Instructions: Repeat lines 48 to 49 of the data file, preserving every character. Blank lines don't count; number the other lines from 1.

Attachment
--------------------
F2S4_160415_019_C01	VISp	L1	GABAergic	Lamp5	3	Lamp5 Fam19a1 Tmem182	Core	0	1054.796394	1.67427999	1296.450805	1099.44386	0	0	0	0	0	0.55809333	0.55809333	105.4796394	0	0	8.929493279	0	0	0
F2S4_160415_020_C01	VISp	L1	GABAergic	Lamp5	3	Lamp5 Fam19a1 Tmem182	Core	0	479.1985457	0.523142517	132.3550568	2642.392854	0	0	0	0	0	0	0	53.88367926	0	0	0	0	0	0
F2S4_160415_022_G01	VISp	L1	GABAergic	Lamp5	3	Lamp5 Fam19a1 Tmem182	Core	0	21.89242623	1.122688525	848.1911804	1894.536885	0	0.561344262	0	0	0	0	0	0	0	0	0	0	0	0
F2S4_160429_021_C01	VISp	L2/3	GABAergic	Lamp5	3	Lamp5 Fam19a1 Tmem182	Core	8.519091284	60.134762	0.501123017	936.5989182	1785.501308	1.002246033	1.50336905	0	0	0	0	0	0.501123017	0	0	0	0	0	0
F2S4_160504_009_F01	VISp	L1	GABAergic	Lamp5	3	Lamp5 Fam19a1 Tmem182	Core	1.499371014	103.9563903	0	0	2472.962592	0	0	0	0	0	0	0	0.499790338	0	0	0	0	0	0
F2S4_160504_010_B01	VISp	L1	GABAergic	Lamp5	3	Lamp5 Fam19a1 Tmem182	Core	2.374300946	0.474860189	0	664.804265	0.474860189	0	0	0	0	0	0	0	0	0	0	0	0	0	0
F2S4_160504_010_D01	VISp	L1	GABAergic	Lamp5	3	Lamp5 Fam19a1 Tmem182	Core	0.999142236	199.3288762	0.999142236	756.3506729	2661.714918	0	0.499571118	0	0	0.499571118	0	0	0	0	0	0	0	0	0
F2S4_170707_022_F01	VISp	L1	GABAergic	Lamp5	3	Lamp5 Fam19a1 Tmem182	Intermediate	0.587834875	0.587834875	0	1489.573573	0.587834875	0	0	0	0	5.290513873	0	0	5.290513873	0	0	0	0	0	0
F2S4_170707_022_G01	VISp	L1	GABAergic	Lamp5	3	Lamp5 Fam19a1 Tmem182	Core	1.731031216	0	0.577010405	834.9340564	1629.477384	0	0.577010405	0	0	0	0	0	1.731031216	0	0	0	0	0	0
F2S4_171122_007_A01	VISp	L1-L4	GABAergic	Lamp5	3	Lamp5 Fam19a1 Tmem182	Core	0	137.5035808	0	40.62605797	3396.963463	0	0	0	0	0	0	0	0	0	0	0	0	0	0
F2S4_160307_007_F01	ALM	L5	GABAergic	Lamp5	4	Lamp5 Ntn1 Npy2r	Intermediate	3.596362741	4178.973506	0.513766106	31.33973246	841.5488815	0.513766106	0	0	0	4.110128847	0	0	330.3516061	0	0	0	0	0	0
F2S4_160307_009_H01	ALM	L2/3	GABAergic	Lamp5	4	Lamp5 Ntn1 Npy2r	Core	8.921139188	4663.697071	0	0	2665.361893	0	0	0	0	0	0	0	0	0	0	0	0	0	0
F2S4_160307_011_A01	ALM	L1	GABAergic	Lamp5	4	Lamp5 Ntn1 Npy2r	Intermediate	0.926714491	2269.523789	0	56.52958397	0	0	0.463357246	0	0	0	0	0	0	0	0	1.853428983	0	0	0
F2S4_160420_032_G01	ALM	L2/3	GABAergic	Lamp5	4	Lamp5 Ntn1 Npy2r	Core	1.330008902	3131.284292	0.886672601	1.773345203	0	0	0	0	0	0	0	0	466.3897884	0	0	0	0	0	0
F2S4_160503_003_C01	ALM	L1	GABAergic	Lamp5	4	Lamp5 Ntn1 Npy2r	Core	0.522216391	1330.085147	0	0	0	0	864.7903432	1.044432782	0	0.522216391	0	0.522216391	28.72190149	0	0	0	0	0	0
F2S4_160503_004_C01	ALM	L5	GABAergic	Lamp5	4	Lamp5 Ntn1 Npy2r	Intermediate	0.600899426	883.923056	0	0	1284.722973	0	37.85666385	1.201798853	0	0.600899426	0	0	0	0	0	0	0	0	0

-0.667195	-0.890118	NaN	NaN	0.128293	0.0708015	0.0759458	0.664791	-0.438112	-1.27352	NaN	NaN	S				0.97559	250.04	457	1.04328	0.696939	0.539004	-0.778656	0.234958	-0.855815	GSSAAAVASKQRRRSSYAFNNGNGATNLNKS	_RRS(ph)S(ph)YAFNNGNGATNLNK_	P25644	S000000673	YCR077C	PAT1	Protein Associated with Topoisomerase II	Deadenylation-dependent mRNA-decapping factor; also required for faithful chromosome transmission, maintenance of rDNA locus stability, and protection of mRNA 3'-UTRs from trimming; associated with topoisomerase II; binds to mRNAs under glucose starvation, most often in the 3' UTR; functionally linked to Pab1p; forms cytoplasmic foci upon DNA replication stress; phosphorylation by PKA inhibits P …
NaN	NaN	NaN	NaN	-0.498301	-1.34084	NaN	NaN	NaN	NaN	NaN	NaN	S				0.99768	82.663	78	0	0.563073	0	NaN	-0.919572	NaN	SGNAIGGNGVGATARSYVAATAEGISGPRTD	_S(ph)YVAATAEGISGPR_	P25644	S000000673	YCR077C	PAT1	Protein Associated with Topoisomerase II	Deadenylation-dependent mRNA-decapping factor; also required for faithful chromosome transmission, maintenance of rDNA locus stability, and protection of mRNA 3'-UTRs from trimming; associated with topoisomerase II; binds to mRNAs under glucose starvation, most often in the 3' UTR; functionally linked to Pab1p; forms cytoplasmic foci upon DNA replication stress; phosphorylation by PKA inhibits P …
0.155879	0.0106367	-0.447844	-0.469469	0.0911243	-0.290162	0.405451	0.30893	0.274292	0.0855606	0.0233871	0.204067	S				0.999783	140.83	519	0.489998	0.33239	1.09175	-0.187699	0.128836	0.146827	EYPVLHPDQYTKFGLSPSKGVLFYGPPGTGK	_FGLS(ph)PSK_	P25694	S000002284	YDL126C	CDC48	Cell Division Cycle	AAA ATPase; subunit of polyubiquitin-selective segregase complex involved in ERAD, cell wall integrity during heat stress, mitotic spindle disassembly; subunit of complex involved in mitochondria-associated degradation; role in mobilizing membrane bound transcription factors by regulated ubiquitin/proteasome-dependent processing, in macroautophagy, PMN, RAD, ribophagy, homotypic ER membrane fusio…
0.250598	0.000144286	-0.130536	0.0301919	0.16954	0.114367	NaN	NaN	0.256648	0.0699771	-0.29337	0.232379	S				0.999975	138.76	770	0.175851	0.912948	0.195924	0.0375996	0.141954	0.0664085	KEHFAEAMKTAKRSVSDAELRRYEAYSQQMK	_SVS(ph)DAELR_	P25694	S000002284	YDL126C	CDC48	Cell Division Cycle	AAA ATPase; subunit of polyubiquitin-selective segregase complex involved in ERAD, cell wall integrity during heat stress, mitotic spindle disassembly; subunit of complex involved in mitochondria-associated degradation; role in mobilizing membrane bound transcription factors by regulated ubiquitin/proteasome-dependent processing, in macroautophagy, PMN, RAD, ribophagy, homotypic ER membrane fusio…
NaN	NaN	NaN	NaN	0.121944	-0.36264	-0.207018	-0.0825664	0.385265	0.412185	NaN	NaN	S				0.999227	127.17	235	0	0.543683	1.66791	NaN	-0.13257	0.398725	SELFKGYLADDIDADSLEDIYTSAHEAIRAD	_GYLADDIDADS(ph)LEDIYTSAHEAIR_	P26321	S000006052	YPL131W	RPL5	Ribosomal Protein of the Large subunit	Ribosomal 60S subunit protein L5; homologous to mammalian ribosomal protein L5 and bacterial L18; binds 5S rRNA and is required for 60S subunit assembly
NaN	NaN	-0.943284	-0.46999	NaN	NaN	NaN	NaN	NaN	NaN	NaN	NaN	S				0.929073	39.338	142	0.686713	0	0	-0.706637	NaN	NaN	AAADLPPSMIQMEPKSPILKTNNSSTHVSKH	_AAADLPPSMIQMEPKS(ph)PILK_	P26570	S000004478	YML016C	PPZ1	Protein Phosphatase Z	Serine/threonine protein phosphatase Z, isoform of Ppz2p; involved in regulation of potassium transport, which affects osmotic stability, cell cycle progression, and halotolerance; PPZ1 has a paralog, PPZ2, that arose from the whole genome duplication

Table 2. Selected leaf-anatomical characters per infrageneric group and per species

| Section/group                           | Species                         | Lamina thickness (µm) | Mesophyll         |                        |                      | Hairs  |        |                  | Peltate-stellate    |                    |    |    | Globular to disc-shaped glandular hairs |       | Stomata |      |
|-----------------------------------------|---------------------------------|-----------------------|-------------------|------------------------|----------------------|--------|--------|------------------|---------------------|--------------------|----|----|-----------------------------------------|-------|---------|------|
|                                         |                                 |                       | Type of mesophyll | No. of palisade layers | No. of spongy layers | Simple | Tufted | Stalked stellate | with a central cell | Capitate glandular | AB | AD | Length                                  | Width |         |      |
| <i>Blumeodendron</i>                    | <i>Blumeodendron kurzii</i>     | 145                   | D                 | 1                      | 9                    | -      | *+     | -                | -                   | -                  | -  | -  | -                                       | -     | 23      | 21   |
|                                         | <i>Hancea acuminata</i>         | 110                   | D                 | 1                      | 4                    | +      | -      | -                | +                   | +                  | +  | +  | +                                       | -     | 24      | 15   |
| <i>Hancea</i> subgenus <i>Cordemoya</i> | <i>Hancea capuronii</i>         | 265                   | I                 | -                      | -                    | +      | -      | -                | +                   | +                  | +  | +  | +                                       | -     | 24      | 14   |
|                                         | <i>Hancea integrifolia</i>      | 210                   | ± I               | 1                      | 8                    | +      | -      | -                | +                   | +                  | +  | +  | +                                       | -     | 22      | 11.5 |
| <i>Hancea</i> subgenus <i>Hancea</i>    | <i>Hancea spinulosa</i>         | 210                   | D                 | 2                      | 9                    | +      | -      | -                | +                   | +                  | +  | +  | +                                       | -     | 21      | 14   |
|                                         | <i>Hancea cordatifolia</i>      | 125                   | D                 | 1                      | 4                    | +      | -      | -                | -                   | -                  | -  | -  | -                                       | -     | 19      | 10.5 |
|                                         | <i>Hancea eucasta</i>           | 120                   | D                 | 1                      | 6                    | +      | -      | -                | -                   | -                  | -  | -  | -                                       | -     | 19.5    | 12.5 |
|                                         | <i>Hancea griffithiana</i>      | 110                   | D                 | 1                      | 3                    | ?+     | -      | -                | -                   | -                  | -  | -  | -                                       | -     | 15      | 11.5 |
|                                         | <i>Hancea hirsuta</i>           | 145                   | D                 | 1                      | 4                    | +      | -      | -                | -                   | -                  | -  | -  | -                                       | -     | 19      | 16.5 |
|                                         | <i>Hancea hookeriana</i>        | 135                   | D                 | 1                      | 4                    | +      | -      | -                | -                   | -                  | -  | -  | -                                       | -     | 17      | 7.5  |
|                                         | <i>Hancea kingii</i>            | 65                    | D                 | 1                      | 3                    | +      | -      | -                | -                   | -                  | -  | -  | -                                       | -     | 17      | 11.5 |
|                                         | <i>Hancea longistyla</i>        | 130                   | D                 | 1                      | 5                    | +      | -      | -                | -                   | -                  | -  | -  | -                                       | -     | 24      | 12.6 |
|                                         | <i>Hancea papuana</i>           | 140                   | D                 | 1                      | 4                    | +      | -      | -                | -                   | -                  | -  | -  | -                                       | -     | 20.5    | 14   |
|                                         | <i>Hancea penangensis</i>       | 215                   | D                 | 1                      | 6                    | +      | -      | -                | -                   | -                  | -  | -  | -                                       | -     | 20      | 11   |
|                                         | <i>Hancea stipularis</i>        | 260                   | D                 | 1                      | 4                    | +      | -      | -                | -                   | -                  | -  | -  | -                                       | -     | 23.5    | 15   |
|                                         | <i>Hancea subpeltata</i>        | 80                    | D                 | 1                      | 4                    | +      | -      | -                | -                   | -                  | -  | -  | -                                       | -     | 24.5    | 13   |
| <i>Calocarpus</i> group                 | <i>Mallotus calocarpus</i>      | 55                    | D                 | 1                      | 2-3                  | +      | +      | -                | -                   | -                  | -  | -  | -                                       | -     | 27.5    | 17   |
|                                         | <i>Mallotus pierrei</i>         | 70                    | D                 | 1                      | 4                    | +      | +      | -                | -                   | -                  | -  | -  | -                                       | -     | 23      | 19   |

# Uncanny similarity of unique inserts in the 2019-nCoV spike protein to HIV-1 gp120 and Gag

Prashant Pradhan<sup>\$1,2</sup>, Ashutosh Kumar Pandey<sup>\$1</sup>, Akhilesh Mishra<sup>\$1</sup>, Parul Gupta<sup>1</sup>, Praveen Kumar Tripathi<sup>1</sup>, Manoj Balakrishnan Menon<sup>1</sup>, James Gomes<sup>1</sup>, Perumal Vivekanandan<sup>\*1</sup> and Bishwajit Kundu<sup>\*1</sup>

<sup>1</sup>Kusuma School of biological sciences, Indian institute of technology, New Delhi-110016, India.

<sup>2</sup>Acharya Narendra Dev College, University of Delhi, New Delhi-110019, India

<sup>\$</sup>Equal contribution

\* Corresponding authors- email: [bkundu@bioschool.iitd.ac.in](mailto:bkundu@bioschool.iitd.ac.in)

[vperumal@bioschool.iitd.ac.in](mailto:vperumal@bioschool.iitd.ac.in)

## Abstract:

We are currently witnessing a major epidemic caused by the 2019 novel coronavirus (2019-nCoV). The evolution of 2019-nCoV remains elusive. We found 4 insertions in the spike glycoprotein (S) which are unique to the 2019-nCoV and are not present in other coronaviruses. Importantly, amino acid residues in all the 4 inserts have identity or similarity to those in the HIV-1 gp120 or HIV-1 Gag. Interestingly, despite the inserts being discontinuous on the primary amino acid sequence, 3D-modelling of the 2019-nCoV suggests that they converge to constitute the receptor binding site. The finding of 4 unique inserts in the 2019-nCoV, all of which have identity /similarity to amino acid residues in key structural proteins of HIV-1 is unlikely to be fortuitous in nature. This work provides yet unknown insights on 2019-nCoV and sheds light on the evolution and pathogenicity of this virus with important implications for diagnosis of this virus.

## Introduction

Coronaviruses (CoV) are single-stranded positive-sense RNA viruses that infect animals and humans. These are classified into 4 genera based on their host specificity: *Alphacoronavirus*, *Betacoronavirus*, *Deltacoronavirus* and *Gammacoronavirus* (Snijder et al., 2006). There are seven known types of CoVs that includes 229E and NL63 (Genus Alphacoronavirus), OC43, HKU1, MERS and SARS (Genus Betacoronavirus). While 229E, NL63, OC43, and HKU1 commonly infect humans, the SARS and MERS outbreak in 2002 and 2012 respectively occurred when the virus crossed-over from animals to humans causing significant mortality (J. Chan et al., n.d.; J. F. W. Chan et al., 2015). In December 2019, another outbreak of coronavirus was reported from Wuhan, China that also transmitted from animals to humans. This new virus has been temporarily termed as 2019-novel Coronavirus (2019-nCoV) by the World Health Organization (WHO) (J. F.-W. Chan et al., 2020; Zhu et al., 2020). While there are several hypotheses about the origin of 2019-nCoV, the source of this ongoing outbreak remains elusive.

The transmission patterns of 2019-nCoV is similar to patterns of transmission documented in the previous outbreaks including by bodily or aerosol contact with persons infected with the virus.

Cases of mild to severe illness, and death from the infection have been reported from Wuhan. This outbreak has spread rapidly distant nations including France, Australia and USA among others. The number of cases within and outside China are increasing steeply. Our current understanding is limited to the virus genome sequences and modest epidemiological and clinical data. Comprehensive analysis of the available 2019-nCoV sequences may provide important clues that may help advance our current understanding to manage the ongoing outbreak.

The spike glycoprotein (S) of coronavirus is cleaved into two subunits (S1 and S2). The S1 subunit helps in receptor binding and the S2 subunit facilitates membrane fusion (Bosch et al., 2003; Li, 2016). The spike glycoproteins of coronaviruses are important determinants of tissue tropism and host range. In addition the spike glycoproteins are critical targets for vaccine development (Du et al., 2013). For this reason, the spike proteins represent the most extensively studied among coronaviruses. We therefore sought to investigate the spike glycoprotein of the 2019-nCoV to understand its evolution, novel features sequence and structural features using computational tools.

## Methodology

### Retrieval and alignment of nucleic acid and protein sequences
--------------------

<sup>2</sup>Acharya Narendra Dev College, University of Delhi, New Delhi-110019, India

<sup>\$</sup>Equal contribution